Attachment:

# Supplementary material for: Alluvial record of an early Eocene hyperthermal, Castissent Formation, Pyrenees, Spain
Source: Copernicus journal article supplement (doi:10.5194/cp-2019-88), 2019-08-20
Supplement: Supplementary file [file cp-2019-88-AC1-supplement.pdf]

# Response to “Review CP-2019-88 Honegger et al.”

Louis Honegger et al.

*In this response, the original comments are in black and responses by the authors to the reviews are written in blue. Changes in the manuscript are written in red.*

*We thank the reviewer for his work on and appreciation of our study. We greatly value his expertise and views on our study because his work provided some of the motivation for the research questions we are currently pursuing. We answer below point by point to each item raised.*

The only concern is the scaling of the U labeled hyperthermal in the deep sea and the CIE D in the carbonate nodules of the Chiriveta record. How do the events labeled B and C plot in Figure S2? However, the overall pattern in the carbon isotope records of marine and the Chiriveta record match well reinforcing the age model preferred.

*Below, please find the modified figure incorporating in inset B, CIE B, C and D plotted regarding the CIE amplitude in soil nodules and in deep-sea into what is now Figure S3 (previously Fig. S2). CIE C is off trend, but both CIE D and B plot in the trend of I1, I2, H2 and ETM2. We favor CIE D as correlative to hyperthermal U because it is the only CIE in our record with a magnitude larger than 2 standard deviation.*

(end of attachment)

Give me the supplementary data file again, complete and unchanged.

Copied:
# Supplementary material for: Alluvial record of an early Eocene hyperthermal, Castissent Formation, Pyrenees, Spain
Source: Copernicus journal article supplement (doi:10.5194/cp-2019-88), 2019-08-20
Supplement: Supplementary file [file cp-2019-88-AC1-supplement.pdf]

# Response to “Review CP-2019-88 Honegger et al.”

Louis Honegger et al.

*In this response, the original comments are in black and responses by the authors to the reviews are written in blue. Changes in the manuscript are written in red.*

*We thank the reviewer for his work on and appreciation of our study. We greatly value his expertise and views on our study because his work provided some of the motivation for the research questions we are currently pursuing. We answer below point by point to each item raised.*

The only concern is the scaling of the U labeled hyperthermal in the deep sea and the CIE D in the carbonate nodules of the Chiriveta record. How do the events labeled B and C plot in Figure S2? However, the overall pattern in the carbon isotope records of marine and the Chiriveta record match well reinforcing the age model preferred.

*Below, please find the modified figure incorporating in inset B, CIE B, C and D plotted regarding the CIE amplitude in soil nodules and in deep-sea into what is now Figure S3 (previously Fig. S2). CIE C is off trend, but both CIE D and B plot in the trend of I1, I2, H2 and ETM2. We favor CIE D as correlative to hyperthermal U because it is the only CIE in our record with a magnitude larger than 2 standard deviation.*